April 30, 2008
Freelancers Are People TooIt's a fact of life that the majority of people writing code for a living are freelancers.
Employers like freelancers because we are flexible, we take responsibility for our own careers and general well-being, and we tend to hit the ground running on projects because - well, because we jump more often and have had more practice at landing on our feet.
Employers don't like freelancers because we cost a bit more - though they often underestimate how much their permanent staff are really costing them in taxes, sick pay, benefits and other hidden costs.
They also don't like us because we're more self-directing and have our own values and our own goals. There might be a bit of evolutionary psychology at work, in so much as they view us as outsiders, while they see permanent employees as members of their tribe.
There's a tendency for people who opt for permanent employment to get some special consideration over their freelance colleagues. Take staff surveys, for example. A client of mine once ran a staff survey that was not open to freelancers. We had not earned the right to a voice in the organisation.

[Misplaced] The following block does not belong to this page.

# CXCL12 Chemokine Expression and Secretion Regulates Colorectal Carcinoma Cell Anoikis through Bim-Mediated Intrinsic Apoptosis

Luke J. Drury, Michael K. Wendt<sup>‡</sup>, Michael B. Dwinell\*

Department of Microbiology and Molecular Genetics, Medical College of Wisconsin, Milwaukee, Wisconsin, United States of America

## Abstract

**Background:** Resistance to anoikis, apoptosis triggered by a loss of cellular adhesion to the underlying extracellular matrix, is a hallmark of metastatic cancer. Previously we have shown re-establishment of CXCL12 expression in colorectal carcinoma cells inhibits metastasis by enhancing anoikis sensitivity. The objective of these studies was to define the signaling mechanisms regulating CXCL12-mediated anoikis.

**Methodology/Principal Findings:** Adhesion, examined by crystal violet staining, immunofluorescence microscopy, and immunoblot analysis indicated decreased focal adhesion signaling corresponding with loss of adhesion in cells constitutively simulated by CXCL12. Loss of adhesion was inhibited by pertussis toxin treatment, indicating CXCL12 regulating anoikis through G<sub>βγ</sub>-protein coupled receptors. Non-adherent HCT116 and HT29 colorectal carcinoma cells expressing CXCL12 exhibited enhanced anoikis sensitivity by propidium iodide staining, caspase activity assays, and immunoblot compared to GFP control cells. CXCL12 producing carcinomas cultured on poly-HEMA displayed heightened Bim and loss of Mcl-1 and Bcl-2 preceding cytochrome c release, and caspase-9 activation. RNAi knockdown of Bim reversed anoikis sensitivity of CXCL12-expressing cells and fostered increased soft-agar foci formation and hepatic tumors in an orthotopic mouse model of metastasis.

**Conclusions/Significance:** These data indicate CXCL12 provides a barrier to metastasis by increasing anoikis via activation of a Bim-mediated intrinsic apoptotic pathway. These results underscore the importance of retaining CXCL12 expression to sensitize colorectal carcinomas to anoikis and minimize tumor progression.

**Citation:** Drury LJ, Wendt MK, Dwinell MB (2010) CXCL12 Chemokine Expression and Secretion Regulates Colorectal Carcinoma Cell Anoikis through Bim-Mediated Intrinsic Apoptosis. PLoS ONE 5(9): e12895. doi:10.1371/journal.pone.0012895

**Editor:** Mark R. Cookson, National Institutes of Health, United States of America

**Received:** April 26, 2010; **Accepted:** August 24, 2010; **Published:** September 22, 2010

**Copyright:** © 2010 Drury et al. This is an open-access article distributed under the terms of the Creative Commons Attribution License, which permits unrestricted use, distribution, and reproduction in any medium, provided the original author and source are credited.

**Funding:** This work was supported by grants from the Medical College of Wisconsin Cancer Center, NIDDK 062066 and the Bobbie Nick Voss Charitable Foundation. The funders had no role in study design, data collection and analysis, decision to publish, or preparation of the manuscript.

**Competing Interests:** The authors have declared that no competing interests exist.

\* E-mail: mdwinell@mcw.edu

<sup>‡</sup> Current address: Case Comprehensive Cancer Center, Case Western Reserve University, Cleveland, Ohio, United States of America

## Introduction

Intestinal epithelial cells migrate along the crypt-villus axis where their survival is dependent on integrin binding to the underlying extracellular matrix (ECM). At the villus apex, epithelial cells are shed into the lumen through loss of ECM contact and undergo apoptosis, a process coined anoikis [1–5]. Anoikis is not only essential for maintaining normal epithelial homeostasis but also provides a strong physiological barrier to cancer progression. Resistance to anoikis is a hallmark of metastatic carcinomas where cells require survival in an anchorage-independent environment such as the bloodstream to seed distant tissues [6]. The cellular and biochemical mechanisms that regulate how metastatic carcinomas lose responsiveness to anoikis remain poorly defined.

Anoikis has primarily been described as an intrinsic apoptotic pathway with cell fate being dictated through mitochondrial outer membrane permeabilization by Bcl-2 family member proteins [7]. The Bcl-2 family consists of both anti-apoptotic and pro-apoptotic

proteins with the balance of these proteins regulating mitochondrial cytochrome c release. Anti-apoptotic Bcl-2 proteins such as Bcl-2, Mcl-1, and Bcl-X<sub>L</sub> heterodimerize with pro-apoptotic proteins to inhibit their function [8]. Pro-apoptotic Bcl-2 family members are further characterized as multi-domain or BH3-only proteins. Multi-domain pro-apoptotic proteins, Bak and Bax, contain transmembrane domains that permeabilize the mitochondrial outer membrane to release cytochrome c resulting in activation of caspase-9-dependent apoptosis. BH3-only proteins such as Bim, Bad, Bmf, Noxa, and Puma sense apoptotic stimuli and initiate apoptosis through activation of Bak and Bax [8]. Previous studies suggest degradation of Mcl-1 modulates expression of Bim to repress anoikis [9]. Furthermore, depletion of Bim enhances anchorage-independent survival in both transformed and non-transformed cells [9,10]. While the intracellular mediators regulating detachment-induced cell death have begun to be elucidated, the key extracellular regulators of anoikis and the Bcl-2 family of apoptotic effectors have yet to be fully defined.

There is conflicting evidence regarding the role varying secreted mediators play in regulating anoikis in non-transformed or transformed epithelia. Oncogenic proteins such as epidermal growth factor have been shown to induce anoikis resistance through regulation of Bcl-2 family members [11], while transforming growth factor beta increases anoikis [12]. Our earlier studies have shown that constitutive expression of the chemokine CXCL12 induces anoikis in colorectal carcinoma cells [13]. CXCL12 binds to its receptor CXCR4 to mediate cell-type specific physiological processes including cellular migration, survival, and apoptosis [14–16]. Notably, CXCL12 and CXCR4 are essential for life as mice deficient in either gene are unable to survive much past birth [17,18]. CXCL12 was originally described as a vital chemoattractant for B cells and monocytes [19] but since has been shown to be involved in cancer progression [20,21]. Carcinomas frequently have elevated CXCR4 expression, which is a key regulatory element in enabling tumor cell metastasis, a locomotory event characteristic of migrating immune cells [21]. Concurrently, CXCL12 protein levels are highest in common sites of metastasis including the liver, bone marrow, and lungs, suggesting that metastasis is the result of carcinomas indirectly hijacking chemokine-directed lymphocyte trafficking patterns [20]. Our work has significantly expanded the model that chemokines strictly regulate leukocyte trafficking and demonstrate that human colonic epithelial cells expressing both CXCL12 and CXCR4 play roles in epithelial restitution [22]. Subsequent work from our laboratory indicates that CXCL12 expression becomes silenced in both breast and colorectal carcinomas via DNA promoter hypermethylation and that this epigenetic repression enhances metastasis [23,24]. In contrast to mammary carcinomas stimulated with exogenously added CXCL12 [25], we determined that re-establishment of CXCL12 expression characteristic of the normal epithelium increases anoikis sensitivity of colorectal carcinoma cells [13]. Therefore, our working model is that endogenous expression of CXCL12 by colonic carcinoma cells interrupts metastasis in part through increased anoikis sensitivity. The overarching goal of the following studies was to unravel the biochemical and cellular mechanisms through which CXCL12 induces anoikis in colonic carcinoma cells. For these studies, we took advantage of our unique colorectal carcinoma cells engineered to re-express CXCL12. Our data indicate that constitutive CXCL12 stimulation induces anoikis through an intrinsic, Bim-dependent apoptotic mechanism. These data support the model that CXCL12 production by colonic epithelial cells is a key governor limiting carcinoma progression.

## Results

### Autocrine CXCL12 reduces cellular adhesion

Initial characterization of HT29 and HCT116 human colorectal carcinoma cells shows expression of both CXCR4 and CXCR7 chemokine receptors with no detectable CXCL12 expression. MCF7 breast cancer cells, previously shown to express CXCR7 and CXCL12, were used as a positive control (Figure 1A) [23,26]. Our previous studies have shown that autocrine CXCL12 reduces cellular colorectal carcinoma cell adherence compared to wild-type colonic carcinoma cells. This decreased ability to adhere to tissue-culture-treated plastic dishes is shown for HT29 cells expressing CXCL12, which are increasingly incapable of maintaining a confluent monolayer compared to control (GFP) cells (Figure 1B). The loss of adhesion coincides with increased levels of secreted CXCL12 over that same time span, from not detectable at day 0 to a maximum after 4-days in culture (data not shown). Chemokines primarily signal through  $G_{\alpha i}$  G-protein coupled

But in this case - and in many IT organisations around the UK - freelancers made up the majority of the workforce. So this is a staff survey that ignored the opinions of the majority of the people doing the work. It was a kind of apartheid, in the sense of a voting minority dictating policy for a silent majority who lacked some of the key rights and freedoms of their permanantly-employed counterparts. But these freelancers weren't going away. Try as they might to attract permanent staff, they will always be mostly reliant on freelancers to get the work done. Software is a freelance business, after all.
On a film set, the vast majority of poeple working there are self-employed and work on a project-by-project basis. Should we not care what the actors feel because they're freelancers? Should we not solicit the opinion of the director of photography because he's paid through a limited company? Of course we should care what these people think. the film won't get made without them. In most IT departments, software and systems won't get delivered without freelancers working side-by-side with permies.
To disenfranchise one group because they've chosen a more flexible contractual arrangement and take more responsibility for their own welfare is, I believe, potentially misjudged. In the case of that client, there were freelancers who'd been with them longer than many of their permanent staff. Their contribution to the organisation is valuable, and for that I believe their stake in it was every bit as valid.
This industry is just too volatile and unpredictable to work without freelancers.
Posted 10 years, 10 months ago on April 30, 2008